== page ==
The 2019 Ravens got their first taste of playing against another team and came away quite happy.
First of all, Baltimore emerged from two joint practices with the Jacksonville Jaguars without any injuries. Reserve guard Randin Crecelius remains the only Ravens player sitting out. That’s a win.
Beyond that, Head Coach John Harbaugh came away feeling good about the work his team (and the Jaguars) put in.
“We had a great practice against the Jaguars, another great practice – hot, tough, very physical practice on both sides of the ball. We got a lot done. They got a lot done,” Harbaugh said.
“Hats off to [Jaguars Head Coach] Coach [Doug] Marrone and the whole Jaguars organization. I thought they were very classy. Everything was very professional on both sides. We got our work done. We respected one another. It was good.”
As is the case any time there are joint practices, folks are looking to see if any fights break out. It’s hot, two teams are going up against each other rep after rep. It’s bound to happen.
But, as has been the case almost every time Harbaugh’s team has joined with another team for practices, there were no fights.
Tuesday’s Day 2 practice, which was in a more stifling heat than Monday, had a couple of minor scuffles. Jaguars wide receiver D.J. Chark got into it with somebody during a goal-line drill, leading to a big gathering of players and a lot of jawing. But players were separated pretty quickly and practice resumed without a hitch.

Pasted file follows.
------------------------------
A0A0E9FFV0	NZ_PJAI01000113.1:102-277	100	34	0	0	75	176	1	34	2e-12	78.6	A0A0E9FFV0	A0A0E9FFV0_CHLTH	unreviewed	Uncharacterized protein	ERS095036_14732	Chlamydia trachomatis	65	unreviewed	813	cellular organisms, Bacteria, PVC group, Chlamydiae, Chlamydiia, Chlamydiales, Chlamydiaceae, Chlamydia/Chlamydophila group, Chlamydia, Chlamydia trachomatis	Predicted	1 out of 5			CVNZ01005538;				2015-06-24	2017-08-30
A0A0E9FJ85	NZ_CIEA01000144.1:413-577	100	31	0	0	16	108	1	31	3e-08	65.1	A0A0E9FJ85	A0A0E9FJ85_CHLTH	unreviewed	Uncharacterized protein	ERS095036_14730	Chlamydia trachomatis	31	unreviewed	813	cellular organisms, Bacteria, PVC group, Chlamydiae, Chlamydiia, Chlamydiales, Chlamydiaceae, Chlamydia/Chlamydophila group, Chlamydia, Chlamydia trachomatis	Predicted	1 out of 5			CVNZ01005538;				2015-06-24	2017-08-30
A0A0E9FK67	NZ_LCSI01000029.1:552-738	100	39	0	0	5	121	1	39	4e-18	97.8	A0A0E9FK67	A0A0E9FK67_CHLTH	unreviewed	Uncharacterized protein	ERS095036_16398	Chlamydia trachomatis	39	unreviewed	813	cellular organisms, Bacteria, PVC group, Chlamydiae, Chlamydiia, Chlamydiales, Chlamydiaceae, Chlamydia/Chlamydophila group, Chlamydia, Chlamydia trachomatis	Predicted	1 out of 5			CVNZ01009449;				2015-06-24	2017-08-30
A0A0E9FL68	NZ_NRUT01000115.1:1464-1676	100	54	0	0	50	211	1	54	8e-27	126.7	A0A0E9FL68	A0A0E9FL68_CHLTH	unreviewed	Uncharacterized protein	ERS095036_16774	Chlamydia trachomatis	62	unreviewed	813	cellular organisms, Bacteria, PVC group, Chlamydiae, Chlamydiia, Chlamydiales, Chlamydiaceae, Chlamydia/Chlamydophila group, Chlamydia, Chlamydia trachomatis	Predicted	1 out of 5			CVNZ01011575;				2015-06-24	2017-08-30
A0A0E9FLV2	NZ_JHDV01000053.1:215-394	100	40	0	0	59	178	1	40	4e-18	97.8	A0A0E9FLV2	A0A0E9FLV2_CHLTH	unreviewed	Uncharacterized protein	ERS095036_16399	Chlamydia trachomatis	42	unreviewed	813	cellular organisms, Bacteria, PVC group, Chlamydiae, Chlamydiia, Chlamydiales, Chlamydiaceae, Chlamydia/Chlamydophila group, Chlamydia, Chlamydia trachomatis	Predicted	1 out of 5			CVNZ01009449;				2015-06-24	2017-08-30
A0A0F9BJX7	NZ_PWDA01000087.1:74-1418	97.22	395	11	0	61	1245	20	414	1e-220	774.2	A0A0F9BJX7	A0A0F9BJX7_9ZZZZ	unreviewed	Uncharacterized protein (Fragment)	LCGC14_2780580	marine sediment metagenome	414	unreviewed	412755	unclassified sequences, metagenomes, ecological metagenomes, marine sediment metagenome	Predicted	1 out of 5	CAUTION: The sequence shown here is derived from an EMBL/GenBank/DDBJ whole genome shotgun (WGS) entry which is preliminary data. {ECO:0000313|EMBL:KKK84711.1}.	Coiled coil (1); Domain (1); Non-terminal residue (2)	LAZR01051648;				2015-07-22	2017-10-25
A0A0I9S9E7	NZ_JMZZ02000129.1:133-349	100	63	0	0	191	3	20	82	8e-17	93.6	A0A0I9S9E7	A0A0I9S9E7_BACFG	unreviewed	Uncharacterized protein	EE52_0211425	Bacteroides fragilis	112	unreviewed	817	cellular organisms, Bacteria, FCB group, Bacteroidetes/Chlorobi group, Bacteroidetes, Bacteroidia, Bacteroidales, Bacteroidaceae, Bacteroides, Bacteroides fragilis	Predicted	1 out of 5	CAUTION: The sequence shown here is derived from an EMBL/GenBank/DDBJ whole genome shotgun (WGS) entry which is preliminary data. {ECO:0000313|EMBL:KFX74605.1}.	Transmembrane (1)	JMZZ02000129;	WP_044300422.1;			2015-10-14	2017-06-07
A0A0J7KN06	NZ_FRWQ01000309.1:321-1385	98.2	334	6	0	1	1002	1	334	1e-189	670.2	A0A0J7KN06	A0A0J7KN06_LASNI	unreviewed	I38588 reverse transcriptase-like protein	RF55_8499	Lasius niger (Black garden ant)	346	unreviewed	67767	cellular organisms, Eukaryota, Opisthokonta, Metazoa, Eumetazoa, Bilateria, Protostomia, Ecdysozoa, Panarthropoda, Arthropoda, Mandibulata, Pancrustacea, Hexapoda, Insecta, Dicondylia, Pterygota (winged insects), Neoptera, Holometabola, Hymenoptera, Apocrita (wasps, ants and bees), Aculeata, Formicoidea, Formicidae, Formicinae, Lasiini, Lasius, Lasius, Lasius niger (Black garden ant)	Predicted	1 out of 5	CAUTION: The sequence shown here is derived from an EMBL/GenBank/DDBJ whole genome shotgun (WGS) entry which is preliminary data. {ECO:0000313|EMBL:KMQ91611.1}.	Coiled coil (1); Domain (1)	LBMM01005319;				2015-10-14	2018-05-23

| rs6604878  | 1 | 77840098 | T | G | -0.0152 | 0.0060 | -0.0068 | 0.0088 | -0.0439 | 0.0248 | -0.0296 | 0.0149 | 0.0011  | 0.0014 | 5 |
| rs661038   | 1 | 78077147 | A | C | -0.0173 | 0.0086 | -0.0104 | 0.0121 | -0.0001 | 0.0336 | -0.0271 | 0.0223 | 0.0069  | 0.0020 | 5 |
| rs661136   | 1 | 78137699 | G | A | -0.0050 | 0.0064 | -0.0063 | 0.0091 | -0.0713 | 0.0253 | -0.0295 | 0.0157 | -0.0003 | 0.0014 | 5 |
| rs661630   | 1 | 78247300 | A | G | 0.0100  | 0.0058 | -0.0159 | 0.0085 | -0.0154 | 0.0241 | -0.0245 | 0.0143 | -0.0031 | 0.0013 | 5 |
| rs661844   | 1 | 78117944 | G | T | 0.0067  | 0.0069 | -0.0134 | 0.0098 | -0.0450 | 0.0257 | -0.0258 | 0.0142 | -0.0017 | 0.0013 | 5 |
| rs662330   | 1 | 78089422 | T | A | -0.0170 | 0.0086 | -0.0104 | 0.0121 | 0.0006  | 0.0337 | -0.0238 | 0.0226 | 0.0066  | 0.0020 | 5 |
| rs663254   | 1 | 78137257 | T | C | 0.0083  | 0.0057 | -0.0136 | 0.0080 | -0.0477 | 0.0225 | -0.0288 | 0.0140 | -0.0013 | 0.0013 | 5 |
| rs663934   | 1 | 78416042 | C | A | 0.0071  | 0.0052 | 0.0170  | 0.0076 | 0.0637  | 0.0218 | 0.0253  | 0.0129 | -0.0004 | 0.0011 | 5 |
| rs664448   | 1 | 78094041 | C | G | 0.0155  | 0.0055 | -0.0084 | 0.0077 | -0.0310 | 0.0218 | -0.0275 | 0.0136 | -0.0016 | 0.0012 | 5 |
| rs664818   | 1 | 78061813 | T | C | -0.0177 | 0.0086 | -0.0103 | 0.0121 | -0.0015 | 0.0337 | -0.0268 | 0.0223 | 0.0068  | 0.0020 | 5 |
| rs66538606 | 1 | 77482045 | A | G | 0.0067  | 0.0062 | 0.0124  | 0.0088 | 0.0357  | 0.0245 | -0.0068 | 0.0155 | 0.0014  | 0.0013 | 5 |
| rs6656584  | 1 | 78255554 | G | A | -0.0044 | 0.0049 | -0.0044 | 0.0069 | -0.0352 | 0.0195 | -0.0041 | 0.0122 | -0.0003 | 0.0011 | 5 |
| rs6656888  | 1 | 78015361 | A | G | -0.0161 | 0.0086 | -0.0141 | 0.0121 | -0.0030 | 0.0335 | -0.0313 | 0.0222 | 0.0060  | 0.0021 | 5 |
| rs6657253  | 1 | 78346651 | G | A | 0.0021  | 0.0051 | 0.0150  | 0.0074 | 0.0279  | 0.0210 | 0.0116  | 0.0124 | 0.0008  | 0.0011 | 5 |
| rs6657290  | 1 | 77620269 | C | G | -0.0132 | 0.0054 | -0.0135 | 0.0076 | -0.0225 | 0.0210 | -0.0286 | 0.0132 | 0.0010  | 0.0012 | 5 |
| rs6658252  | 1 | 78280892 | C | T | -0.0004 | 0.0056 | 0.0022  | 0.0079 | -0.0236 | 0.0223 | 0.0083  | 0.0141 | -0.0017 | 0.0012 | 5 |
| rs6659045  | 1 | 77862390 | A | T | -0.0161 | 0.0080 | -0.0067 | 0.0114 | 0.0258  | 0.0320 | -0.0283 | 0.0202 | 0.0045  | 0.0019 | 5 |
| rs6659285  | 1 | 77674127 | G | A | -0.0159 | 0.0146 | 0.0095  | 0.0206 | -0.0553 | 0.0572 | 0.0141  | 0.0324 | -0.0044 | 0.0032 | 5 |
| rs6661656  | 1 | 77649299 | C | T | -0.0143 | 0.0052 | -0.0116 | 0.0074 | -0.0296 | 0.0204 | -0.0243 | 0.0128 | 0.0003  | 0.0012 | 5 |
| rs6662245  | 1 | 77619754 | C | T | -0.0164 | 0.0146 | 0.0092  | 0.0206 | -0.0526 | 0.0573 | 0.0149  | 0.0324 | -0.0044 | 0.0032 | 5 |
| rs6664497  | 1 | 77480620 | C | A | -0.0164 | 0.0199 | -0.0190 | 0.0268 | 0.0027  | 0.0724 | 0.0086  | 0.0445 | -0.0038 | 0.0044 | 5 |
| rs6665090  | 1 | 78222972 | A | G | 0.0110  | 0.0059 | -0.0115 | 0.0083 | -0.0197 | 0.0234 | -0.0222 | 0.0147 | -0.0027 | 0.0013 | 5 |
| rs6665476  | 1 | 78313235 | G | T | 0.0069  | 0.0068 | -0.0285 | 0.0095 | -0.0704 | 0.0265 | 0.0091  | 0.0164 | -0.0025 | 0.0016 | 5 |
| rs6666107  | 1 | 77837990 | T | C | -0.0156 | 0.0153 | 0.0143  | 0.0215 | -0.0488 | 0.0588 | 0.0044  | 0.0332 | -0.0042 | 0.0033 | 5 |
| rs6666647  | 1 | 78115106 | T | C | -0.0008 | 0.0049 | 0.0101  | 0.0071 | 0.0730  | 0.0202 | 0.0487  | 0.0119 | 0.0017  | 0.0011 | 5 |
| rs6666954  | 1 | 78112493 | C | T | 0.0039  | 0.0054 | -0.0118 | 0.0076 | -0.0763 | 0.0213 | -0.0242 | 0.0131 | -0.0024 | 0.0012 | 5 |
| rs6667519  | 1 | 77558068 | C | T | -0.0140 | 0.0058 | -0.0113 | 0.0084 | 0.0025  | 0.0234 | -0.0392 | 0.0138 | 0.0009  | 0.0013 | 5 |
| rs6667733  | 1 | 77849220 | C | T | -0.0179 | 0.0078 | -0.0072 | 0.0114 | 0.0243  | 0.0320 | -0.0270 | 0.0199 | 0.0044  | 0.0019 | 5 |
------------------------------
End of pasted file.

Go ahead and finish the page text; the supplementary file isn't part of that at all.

“It’s not all sunshine and roses,” Harbaugh said. “It’s competitive out there. The fact that those didn’t escalate … There were a couple of guys talking on two plays the whole practice. We pretty quickly pulled them apart. Nobody wants to be the first guy to walk away. I thought everyone kept their discipline very well.”
There was a lot of attention on how the Ravens’ reimagined offense would look against Jacksonville’s top-flight defense. After two days, it appeared Baltimore’s offense is in good standing and took steps forward – not backward – when faced with tough competition.